There was, however, a lot less under the hood. The carryover Olds-sourced 5.7 liter V8 was still around but the new standard engine was the catastrophic diesel V8, also sourced from Oldsmobile. It summoned 105 horsepower from the same 5.7 liters and delivered decidedly un-Cadillac acceleration and vibrations. A small Cadillac that sounded – and smoked – like a big rig resulted in sales falling to less than half what they were in ’76 by 1982, when just under 20,000 new Sevilles were purchased.
Cadillac made a bad situation much worse by adding cylinder deactivation technology – the infamous V8-6-4 system – to the gas engine. This not-ready-for-prime-time technology was discontinued after 1982 but created a tsunami of warranty claims and unhappy customers. The only way to avoid the partially running/misfiring V8 was to buy the new V6 – made by Buick, this time – as a “credit option.”
It was downhill from this point onward, for the Seville specifically and Cadillac generally.
In 1985, an all-new Seville made its debut. This car was even smaller – its length abbreviated by almost another foot – relative to the original ’76 Seville. It also came with a new “High Technology” (HT) aluminum-block (and iron head) V8, which was at least a Cadillac V8. But it was also a tiny V8, displacing just 4.1 liters at first. It was also a problem-prone V8, in part because of head gasket and intake manifold sealing problems.
On the upside, there was a new-design overdrive automatic and that plus even lower curb weight resulted in nearly 30 MPG on the highway. But that didn’t persuade nearly as many people as Cadillac had hoped. Especially given that the car’s price had increased by almost 20 percent over the previous – larger – Seville. The price increase wasn’t so much Cadillac’s fault as the Fed’s – inflation being rampant at this time. But it was no less harmful in its consequences for Cadillac.
A final Hail Mary effort was made (in ’88) to take the old out of the car by re-marketing the Seville as the STS, the acronym standing for Seville Touring Sedan. It was meant in the same way that KFC is meant nowadays:
We don’t say Kentucky Fried Chicken anymore.
The 1992 STS was the most Un-Cadillac Cadillac yet. Not merely small, it was overtly sporty, with a 15.6:1 steering box, rear sway bar and aluminum wheels with Goodyear Eagle GT blackwall performance tires mounted. A new 4.9 liter Northstar DOHC V8 was under the hood and made almost 300 horsepower.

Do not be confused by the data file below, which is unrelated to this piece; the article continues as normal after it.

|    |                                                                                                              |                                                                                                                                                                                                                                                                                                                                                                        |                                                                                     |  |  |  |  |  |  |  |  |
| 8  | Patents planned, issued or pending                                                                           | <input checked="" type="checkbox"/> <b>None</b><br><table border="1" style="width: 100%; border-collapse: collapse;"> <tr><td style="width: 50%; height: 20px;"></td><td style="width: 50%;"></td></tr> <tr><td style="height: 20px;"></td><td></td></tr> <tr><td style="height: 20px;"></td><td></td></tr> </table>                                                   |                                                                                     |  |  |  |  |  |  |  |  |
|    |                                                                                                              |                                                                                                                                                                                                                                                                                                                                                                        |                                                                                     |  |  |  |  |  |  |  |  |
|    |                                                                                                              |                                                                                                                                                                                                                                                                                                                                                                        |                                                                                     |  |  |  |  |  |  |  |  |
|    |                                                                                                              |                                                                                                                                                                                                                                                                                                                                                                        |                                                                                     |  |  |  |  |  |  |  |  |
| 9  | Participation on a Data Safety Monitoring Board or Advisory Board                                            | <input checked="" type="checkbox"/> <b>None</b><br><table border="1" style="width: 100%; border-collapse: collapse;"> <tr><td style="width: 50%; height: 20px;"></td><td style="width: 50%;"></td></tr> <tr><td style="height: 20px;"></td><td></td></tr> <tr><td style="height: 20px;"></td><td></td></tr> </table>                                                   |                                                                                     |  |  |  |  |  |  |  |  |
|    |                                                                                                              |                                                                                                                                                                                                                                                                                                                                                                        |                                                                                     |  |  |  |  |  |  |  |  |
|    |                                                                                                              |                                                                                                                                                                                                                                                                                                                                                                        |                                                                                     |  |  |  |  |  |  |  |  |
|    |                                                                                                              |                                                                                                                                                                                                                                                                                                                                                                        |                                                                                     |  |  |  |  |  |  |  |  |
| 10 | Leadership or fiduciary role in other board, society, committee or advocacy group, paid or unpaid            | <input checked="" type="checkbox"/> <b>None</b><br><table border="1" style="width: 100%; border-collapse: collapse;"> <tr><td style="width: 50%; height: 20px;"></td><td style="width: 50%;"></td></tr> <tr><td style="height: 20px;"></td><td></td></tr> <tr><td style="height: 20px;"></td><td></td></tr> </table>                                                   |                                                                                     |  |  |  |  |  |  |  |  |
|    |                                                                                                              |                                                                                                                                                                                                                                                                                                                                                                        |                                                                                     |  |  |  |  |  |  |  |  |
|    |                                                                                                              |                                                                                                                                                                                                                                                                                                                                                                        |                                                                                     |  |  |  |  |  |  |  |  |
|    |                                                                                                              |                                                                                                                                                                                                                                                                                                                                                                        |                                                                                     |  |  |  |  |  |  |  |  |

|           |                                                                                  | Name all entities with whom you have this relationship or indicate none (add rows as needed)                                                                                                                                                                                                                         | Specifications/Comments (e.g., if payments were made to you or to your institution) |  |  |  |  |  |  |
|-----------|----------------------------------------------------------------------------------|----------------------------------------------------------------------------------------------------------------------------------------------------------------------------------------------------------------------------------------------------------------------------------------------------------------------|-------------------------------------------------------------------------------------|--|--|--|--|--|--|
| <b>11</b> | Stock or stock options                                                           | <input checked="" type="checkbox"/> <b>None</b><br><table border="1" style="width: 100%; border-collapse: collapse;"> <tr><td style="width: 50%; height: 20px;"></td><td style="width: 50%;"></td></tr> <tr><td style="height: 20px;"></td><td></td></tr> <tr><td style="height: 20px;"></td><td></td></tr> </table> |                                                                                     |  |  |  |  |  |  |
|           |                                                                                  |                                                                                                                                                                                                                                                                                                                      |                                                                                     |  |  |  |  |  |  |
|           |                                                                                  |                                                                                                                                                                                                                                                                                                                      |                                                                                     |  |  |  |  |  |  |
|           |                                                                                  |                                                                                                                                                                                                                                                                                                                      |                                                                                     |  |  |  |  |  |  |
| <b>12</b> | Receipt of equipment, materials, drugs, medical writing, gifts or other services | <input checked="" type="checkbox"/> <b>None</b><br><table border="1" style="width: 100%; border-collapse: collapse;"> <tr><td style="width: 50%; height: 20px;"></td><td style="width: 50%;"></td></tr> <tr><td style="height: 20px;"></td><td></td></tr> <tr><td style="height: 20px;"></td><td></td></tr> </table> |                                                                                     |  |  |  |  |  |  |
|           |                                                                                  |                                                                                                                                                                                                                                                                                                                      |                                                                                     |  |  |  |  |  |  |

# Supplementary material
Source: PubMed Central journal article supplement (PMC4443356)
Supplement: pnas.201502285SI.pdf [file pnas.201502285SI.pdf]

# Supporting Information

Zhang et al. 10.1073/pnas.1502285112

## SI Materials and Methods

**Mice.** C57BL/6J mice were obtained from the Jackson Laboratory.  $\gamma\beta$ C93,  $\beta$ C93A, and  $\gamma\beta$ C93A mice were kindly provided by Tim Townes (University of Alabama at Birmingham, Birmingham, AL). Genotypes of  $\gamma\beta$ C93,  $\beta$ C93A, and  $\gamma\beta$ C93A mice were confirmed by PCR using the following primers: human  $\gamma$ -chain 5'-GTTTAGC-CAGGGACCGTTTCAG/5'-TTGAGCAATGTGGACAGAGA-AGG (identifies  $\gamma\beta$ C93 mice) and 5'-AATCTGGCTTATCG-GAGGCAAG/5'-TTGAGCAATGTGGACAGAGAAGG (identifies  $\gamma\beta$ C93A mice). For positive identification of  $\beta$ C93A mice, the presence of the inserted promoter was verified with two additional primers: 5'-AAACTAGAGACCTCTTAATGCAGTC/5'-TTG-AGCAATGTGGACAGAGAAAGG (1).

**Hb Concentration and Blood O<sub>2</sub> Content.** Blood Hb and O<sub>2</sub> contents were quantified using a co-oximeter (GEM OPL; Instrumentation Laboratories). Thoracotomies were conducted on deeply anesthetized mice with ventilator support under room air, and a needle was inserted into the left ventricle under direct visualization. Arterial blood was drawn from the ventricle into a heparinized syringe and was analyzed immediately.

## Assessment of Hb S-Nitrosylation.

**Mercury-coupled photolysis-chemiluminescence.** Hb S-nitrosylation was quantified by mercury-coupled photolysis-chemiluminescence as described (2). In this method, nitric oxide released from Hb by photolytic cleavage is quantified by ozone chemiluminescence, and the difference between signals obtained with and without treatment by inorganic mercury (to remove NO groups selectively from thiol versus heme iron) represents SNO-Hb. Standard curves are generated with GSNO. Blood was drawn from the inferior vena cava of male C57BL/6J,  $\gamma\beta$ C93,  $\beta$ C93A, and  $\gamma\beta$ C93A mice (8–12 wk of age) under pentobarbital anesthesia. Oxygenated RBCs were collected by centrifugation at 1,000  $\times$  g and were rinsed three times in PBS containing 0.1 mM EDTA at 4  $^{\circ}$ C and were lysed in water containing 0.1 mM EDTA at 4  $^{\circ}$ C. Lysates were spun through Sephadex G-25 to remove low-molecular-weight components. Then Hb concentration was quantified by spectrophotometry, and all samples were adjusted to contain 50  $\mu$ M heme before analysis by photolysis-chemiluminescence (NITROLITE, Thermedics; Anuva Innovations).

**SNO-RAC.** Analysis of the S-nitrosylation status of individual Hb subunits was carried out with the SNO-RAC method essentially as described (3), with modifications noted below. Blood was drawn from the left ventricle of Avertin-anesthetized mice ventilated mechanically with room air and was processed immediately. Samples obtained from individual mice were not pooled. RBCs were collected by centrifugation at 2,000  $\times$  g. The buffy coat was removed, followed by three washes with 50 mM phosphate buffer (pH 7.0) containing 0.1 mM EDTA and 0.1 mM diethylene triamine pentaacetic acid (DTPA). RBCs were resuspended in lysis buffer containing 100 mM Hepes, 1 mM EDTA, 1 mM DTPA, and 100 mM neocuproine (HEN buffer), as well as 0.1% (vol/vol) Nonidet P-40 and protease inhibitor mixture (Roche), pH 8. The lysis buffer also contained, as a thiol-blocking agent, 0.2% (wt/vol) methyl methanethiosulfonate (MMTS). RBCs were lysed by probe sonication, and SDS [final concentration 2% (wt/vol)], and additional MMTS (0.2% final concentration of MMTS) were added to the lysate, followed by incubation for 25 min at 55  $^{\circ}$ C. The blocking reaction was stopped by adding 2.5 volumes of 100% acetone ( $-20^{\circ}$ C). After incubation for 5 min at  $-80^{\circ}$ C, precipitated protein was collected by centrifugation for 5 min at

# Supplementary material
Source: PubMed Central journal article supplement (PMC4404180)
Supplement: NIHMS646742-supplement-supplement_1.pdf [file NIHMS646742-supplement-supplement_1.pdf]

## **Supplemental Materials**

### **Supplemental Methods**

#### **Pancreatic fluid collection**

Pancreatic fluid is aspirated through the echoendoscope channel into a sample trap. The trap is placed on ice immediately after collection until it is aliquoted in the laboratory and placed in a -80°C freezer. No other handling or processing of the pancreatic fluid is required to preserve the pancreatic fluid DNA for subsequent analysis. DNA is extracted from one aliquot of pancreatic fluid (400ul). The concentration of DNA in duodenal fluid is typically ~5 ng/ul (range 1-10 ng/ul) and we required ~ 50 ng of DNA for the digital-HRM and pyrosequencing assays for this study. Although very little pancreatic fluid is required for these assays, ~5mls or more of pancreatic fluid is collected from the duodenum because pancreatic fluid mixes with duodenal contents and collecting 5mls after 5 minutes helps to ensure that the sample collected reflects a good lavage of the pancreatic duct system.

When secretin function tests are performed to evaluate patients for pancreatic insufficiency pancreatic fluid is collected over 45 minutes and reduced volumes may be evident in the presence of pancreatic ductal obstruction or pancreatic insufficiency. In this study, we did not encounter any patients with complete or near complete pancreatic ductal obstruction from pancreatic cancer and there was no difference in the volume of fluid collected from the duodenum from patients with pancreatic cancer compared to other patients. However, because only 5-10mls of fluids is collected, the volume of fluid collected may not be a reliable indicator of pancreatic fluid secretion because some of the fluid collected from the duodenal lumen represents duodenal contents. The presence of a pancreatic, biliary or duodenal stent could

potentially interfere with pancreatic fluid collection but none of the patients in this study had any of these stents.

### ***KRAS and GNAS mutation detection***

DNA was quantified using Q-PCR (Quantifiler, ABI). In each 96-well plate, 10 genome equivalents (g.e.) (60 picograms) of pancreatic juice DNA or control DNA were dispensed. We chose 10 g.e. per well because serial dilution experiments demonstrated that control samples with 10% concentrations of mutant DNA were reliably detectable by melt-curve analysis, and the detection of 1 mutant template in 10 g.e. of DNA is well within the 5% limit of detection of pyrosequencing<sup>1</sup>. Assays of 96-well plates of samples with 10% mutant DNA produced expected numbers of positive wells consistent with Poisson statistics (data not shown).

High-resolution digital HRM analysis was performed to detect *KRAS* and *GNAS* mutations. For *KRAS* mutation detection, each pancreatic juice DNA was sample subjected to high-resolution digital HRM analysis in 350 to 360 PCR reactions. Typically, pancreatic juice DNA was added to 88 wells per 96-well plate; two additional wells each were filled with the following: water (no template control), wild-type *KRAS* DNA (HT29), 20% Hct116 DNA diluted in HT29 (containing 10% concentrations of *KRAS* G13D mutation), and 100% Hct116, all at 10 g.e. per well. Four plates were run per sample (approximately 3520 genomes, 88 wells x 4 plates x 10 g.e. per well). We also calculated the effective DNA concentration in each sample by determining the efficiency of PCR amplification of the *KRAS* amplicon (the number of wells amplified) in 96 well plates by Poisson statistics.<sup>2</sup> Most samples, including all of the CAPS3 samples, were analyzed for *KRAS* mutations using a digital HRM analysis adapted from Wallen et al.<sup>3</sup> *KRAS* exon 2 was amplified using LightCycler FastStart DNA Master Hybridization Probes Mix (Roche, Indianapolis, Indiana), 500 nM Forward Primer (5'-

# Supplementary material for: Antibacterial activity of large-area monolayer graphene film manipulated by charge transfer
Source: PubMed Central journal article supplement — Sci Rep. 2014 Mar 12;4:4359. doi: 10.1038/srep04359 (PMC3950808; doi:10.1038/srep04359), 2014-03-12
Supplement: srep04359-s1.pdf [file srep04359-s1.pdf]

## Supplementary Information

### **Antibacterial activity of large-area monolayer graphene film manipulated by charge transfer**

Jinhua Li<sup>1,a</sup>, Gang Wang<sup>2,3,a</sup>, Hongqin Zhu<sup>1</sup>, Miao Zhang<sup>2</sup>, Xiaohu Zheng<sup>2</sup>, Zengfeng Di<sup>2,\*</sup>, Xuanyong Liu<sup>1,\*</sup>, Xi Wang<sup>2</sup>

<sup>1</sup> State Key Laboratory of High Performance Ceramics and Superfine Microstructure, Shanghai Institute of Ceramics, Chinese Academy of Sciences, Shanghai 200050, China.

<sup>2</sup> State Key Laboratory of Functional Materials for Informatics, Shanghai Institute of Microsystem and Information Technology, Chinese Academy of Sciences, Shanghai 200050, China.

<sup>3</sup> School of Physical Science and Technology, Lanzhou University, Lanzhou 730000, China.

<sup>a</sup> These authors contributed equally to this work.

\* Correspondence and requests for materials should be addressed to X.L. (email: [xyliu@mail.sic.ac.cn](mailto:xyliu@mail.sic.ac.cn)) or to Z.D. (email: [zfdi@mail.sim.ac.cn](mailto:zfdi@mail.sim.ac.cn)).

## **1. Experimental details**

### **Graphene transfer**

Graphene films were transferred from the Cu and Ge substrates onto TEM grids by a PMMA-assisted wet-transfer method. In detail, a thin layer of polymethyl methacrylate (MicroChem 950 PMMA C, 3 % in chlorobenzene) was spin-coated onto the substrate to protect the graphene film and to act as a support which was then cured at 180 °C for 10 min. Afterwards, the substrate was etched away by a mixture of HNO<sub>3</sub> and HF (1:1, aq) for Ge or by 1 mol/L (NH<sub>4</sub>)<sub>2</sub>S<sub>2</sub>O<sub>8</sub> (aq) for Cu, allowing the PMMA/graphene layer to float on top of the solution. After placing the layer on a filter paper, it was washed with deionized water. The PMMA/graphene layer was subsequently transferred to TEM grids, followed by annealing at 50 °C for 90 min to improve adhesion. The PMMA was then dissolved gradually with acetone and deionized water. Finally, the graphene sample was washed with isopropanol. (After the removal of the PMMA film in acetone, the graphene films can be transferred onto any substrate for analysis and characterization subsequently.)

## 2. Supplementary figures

These cars were also fitted with anti-lock brakes and body-colored mirrors and dual exhaust (later models). They look good and they performed better than any previous Cadillac. It was by far the quickest Cadillac ever, capable of getting to 60 in about half the time it took a ’76 Seville to make the same run.
Despite being named Car of the Year by Motor Trend in ’92, sales of the final generation Seville (whoops, STS) never exceeded the numbers posted by the first Seville, peaking at 46,713 in 1996.
And none ever came close to the numbers posted by the great dreadnought Cadillacs the came before and which made Cadillac the standard of the world. Perhaps not in terms of quality but certainly in terms of impact.
The Seville never quite filled the bill. Perhaps because this Cadillac was trying to fit another standard; to be something else – and that rarely succeeds when someone else is already doing it – and did it first. The more Cadillac tried to be a kind of American-brand BMW, the less difference there was between a Cadillac and a BMW (and a Benz and and Audi) and so less reason to buy a Cadillac over those brands, which also did it better.
. . .
Cadillac Seville Trivia:
- Seville production began in early summer 1975 and some 2,653 Sevilles were produced in Iran – under the auspices of Pars Khodro, an Iranian car manufacturer that also produced JP CJs and Wagoneers under license from AMC.
- Legendary GM stylist Bill Mitchell worked on both the first and second generation Sevilles; Mitchell is also credited with styling the first generation (1967-’69) Chevrolet Camaro, the Buick Riviera and the StingRay Corvette of the early ’60s. The “bustleback” 1980 Seville was his last design for GM.
- The Seville was originally going to be called LaSalle, in honor of the GM brand associated with Cadillac in the years prior to World War II. But the decision was made to go with Seville out of concern over buyers having difficulty correctly pronouncing “LaSalle.”
- By today’s standards, the original ’76 Seville is a full-sized car; a 2021 BMW 7 Series sedan is just three inches longer and has a smaller trunk as well as a smaller engine.
- A first-year Seville with the standard 5.7 liter Oldsmobile-sourced V8 was capable of getting to 60 MPH in just under 12 seconds, just slightly behind the pace of a new Prius hybrid.
- A handful of custom-built iterations of the Seville were made, including a two-seater convertible, a pick-up and a more subtle version of the sedan, with an extended-length hood.
- The Seville – the name – was produced through the 2004 model year on a slightly longer wheelbase but the car was actually smaller overall than before (201 inches). GM continued to sell the STS through the 2011 model year.
- Current Cadillac V8s are made by Chevrolet and the best-selling Cadillac is the biggest Cadillac, the Escalade SUV.
Excerpted from the forthcoming (eventually) book, Doomed.